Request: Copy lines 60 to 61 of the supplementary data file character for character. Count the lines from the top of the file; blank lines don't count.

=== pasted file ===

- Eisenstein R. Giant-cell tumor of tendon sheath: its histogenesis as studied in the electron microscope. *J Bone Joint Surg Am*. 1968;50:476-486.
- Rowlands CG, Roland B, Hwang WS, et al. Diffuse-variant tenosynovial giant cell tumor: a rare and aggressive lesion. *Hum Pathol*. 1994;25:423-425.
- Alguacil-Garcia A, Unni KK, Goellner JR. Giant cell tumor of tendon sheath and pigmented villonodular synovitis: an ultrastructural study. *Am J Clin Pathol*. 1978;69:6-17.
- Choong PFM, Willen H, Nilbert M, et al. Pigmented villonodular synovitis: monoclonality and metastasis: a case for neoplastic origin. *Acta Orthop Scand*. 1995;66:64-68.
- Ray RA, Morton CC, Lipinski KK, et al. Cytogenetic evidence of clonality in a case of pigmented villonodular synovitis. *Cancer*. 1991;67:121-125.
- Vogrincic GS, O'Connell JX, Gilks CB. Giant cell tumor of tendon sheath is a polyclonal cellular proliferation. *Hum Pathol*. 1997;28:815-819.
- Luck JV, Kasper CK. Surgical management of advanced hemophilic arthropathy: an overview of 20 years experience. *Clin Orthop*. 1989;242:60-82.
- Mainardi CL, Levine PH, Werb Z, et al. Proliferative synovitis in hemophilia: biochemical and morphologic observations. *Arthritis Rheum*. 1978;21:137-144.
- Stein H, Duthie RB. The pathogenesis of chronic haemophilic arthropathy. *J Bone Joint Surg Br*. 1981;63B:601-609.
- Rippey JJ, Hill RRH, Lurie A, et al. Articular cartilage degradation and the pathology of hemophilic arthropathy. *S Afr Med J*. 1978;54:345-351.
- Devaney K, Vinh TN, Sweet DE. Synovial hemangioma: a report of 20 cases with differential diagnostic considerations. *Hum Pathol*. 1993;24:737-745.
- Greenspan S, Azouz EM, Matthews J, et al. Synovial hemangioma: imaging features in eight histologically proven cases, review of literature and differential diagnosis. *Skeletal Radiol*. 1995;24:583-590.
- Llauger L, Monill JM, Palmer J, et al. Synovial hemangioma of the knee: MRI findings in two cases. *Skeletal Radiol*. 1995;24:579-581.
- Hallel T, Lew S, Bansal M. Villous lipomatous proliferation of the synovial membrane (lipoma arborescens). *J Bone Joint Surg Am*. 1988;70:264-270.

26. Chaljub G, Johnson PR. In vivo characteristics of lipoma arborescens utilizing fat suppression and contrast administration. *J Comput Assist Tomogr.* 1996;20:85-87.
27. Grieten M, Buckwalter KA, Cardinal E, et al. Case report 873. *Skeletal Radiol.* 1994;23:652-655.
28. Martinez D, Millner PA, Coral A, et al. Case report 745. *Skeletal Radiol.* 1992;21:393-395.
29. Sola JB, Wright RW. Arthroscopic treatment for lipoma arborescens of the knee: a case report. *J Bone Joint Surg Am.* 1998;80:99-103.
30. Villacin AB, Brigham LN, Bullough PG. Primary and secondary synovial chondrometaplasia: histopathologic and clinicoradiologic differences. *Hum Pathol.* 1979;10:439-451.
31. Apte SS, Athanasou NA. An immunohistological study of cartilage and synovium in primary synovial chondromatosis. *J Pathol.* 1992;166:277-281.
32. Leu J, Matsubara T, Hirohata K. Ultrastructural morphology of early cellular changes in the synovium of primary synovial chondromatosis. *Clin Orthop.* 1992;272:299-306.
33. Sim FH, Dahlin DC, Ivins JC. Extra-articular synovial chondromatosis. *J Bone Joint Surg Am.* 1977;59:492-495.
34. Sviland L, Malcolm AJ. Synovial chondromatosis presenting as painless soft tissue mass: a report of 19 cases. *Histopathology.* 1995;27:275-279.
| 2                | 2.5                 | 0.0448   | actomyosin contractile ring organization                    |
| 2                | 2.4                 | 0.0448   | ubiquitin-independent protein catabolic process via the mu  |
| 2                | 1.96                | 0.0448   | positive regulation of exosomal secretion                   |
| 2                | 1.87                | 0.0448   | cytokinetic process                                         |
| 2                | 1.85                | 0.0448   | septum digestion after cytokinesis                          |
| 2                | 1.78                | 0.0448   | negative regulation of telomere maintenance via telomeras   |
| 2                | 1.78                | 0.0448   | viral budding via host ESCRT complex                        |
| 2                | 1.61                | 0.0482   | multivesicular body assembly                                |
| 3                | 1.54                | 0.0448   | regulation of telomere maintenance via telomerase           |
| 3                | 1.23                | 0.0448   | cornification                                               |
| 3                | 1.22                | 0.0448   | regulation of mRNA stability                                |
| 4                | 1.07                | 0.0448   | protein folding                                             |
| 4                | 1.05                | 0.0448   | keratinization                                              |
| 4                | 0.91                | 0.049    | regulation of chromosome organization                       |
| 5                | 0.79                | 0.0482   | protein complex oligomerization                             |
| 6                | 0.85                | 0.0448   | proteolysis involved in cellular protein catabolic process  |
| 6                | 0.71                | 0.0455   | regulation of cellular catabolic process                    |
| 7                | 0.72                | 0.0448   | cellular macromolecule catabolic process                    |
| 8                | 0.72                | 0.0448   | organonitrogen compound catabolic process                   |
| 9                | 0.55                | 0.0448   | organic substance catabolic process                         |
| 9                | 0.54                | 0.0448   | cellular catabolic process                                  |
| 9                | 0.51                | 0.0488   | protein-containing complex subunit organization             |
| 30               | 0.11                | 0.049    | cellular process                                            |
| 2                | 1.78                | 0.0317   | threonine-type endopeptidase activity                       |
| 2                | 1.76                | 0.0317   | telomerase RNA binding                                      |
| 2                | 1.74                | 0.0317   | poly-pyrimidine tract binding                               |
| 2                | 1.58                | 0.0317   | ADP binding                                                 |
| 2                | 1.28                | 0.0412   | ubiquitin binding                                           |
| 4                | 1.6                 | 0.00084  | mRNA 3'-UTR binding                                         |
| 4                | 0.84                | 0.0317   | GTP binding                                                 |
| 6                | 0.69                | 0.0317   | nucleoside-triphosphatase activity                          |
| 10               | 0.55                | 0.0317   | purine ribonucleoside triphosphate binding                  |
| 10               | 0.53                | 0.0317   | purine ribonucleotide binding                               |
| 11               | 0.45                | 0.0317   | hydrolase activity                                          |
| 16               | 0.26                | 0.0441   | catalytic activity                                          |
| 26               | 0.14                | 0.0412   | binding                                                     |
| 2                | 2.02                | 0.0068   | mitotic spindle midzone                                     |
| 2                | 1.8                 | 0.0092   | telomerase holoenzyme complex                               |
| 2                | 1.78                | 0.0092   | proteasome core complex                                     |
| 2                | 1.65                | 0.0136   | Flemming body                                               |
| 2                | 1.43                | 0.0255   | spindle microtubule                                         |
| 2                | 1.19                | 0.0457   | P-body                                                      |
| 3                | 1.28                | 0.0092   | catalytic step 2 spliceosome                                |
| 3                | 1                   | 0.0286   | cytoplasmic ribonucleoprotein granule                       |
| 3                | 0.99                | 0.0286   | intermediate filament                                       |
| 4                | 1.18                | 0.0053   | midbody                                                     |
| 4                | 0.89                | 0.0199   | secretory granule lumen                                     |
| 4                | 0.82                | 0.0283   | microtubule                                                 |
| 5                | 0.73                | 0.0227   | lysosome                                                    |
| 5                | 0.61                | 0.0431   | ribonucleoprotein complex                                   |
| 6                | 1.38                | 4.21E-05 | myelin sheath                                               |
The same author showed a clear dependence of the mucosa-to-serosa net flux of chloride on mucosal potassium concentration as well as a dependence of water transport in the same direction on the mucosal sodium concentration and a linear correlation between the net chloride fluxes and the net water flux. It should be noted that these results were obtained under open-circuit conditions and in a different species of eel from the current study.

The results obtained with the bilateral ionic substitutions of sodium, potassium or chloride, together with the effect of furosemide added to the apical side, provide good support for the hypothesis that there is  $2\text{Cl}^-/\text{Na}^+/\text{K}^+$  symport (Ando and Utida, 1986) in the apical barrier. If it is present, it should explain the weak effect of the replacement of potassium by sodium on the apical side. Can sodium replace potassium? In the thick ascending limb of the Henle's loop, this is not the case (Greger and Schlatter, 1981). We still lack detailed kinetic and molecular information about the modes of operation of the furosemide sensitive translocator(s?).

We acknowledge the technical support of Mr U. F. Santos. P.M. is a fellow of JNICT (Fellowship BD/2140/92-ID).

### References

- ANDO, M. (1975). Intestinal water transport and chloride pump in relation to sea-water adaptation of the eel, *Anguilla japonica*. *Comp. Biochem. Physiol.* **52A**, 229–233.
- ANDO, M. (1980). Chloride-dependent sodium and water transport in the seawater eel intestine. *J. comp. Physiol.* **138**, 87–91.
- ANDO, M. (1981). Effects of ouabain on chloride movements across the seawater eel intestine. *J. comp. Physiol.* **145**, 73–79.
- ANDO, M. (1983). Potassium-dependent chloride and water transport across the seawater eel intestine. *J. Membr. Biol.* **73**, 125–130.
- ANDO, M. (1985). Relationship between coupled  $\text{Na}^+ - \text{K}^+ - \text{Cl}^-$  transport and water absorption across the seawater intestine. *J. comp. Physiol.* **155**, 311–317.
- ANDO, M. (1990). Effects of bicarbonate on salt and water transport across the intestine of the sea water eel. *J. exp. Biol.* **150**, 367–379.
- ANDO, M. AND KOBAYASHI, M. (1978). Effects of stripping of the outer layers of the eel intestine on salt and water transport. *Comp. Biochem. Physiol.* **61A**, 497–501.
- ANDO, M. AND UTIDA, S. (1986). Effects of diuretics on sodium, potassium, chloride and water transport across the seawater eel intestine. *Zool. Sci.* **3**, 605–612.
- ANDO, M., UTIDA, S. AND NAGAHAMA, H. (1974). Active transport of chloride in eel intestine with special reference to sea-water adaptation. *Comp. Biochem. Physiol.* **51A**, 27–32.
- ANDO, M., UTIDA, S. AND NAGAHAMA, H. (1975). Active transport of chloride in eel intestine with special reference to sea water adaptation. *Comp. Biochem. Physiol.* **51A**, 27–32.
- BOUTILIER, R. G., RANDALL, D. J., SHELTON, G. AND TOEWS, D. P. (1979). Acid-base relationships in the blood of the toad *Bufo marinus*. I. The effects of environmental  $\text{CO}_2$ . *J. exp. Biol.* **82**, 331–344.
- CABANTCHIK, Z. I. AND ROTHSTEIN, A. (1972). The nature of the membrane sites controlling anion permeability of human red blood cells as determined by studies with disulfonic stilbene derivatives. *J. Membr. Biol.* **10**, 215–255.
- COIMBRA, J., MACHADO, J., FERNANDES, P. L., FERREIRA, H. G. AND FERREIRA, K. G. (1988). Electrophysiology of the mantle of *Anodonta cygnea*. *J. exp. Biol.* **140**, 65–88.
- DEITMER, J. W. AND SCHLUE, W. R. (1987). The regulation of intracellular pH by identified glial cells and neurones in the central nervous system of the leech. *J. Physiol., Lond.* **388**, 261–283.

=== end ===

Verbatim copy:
| 2                | 2.02                | 0.0068   | mitotic spindle midzone                                     |
| 2                | 1.8                 | 0.0092   | telomerase holoenzyme complex                               |